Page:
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A Universe Not Made For Us — Carl Sagan

Our ancestors understood origins by extrapolating from their own experience; how else could they have done it! So the universe was hatched from a cosmic egg or conceived in the sexual congress of a mother god and a father god or was a kind of product of the creator’s workshop; perhaps the latest of many flawed attempts. The universe was not much bigger than what we see and not much older than our written or oral records; and nowhere very different from places that we know. We tended in our cosmologies to make thing familiar. Despite all our best efforts, we have not been very inventive. In the West, heaven is placid and fluffy; and hell is like the inside of a volcano. In many stories, both realms are governed by dominance hierarchies headed by gods or devils. Monotheists talked about the king of kings. In every culture, we imagined something like our own political system running the universe; few found the similarity suspicious.
Then science came along and taught us that we are not the measure of all things; that there are wonders unimagined; that the universe is not obliged to conform to what was considered comfortable  or plausible. And again if we are not important,  not central, not the apple of god’s eye, what is implied for our theologically-based moral codes? The discovery of our true bearings in the Cosmos was resisted for so long to such a degree that many traces of the debate remain; sometimes with the motives of the geocentrists laid bare.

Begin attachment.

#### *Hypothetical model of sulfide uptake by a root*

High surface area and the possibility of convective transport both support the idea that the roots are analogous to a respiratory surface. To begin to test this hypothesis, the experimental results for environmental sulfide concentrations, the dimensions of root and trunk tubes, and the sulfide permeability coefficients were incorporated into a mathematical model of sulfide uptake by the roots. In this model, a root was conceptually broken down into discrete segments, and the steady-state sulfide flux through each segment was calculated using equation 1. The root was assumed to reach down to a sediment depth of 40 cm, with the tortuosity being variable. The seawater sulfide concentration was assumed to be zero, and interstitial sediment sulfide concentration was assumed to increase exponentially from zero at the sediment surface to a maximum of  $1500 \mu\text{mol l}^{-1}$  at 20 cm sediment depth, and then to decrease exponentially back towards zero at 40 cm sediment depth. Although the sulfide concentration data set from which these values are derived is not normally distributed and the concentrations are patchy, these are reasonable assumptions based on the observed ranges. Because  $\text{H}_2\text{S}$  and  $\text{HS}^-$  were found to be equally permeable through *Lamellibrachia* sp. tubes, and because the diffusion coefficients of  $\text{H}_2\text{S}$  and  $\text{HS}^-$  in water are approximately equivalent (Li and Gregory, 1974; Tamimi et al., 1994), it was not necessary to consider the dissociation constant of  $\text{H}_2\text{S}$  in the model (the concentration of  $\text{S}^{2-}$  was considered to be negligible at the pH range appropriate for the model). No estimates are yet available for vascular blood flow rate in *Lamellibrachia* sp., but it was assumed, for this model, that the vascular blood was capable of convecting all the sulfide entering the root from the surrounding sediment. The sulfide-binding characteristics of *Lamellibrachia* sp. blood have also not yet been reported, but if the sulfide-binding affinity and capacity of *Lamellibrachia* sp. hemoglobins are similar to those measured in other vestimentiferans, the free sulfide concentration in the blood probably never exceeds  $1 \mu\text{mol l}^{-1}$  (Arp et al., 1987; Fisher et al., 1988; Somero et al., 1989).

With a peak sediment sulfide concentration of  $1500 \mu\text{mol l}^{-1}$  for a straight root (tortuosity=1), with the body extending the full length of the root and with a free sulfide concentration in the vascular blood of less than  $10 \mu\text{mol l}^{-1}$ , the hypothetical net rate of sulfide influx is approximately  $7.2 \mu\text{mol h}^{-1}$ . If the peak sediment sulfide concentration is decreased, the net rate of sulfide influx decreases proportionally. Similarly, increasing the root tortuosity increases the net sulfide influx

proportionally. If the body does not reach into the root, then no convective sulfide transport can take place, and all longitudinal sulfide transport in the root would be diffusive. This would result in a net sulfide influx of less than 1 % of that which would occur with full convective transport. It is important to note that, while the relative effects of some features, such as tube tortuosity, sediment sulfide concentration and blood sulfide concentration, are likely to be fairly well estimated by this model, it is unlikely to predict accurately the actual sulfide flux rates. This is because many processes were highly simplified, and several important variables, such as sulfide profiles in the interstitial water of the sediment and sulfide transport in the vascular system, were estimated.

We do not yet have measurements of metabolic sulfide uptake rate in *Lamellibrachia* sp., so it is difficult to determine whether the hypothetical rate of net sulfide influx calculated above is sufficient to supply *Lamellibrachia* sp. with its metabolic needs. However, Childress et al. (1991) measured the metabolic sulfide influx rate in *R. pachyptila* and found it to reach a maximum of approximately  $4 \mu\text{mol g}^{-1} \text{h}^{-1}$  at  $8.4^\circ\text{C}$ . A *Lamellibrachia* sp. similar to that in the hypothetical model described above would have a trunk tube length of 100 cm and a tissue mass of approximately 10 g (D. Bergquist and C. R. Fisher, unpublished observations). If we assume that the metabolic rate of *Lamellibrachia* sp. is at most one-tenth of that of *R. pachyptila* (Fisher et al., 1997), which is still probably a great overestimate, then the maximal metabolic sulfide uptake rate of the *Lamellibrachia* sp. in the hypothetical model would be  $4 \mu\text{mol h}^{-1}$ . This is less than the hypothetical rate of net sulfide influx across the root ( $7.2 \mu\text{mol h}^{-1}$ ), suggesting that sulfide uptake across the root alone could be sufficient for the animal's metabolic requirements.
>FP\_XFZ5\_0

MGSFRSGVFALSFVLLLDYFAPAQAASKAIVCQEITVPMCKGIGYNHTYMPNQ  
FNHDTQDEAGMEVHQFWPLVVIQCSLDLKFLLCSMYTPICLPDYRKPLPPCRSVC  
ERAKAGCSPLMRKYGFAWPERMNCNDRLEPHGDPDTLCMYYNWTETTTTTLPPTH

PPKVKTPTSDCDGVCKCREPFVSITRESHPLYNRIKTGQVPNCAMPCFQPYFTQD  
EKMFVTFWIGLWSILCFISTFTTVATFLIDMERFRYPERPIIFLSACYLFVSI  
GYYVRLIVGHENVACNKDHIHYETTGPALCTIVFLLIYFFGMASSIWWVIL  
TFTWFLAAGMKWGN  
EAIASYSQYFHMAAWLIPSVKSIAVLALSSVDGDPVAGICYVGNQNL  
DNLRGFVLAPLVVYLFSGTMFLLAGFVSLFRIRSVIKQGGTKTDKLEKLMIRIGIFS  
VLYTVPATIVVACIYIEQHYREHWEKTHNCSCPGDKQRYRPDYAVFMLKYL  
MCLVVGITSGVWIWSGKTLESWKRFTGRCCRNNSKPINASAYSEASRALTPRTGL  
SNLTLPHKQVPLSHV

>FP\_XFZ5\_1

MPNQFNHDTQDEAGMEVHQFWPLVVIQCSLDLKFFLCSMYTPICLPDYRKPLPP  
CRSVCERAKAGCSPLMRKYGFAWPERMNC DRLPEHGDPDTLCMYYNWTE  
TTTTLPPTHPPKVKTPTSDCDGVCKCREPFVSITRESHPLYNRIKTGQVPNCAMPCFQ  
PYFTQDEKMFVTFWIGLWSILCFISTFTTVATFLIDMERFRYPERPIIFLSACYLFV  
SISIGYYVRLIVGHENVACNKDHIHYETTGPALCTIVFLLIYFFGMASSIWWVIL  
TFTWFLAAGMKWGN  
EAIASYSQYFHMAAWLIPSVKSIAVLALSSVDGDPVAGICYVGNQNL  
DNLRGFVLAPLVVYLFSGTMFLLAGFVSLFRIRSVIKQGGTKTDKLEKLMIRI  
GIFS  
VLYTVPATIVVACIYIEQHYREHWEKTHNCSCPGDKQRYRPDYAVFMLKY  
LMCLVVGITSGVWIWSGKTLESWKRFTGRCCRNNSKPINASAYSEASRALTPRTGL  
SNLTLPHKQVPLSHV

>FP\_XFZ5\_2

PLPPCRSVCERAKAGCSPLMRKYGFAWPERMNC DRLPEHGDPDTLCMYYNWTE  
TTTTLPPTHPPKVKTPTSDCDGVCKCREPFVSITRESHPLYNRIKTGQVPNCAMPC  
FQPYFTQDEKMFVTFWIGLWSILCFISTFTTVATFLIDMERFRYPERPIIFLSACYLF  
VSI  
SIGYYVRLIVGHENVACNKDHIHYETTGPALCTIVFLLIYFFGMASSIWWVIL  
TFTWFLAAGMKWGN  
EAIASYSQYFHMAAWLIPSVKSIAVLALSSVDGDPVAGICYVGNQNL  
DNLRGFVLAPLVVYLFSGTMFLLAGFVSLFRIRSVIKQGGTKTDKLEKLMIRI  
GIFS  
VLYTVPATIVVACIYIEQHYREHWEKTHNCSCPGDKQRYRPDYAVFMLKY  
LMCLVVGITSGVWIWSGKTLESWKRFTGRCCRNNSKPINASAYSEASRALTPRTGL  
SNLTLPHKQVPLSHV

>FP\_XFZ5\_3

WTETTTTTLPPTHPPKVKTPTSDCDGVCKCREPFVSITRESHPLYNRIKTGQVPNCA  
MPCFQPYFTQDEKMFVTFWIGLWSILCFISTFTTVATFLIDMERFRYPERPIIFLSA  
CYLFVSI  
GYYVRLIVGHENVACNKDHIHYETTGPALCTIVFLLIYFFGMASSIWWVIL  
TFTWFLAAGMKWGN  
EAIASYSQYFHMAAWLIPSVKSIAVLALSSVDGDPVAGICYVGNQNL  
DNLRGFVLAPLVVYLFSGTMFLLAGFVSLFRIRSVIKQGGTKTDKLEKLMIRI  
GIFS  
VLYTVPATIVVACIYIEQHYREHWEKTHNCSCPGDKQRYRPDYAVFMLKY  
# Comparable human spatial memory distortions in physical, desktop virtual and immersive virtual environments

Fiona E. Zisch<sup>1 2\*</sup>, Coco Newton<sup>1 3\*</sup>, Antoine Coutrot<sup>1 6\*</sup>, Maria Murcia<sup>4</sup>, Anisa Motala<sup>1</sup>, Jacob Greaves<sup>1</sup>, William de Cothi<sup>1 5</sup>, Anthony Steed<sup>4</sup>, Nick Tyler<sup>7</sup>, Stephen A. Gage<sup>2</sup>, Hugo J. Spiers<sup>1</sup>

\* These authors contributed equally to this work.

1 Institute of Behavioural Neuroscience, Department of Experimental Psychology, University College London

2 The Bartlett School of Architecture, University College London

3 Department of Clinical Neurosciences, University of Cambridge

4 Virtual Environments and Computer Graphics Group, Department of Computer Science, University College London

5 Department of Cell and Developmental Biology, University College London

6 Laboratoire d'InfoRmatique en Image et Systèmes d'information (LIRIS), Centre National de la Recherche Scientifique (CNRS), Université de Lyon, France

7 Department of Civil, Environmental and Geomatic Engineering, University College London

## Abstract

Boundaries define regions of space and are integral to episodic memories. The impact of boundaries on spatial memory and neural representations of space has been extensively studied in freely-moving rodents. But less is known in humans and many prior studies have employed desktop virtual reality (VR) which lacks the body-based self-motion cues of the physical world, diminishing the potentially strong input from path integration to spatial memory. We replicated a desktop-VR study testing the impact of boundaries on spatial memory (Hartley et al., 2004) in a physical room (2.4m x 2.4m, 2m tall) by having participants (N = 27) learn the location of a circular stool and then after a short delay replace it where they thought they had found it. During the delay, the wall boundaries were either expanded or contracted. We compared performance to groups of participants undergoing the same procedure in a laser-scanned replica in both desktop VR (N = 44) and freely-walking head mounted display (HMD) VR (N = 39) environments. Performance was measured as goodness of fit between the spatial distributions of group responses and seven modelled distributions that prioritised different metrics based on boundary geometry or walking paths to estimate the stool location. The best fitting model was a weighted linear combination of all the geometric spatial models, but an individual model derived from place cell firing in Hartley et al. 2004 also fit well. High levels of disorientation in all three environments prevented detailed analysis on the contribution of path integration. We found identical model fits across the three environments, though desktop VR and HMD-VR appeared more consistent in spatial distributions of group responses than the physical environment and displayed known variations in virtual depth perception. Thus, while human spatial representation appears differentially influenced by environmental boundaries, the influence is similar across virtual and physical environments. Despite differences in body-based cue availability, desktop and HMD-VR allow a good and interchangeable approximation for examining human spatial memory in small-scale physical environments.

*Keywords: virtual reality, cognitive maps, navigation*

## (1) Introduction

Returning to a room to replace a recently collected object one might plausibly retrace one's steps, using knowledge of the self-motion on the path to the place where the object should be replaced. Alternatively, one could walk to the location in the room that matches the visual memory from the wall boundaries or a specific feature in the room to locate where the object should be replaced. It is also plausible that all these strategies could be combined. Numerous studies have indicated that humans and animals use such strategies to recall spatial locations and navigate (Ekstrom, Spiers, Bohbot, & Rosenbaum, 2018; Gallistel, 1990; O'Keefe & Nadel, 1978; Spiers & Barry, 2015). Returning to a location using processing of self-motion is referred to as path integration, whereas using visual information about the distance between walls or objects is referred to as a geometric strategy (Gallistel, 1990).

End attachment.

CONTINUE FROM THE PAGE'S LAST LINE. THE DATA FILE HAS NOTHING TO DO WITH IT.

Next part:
So what do we really want from philosophy and religion? Palliatives? Therapy? Comfort? Do we want reassuring fables or an understanding of our actual circumstances? Dismay that the universe does not conform to our preferences seems childish; you might think that grownups would be ashamed to put such disappointments into print; the fashionable way of doing this is not to blame the universe which seems truly pointless but rather to blame the means by which we know the universe, namely, science. Science has taught us that because we have a talent for deceiving ourselves, subjectivity may not freely rein. Its conclusions derive from the interrogation of nature and are not in all cases pre-designed to satisfy our wants.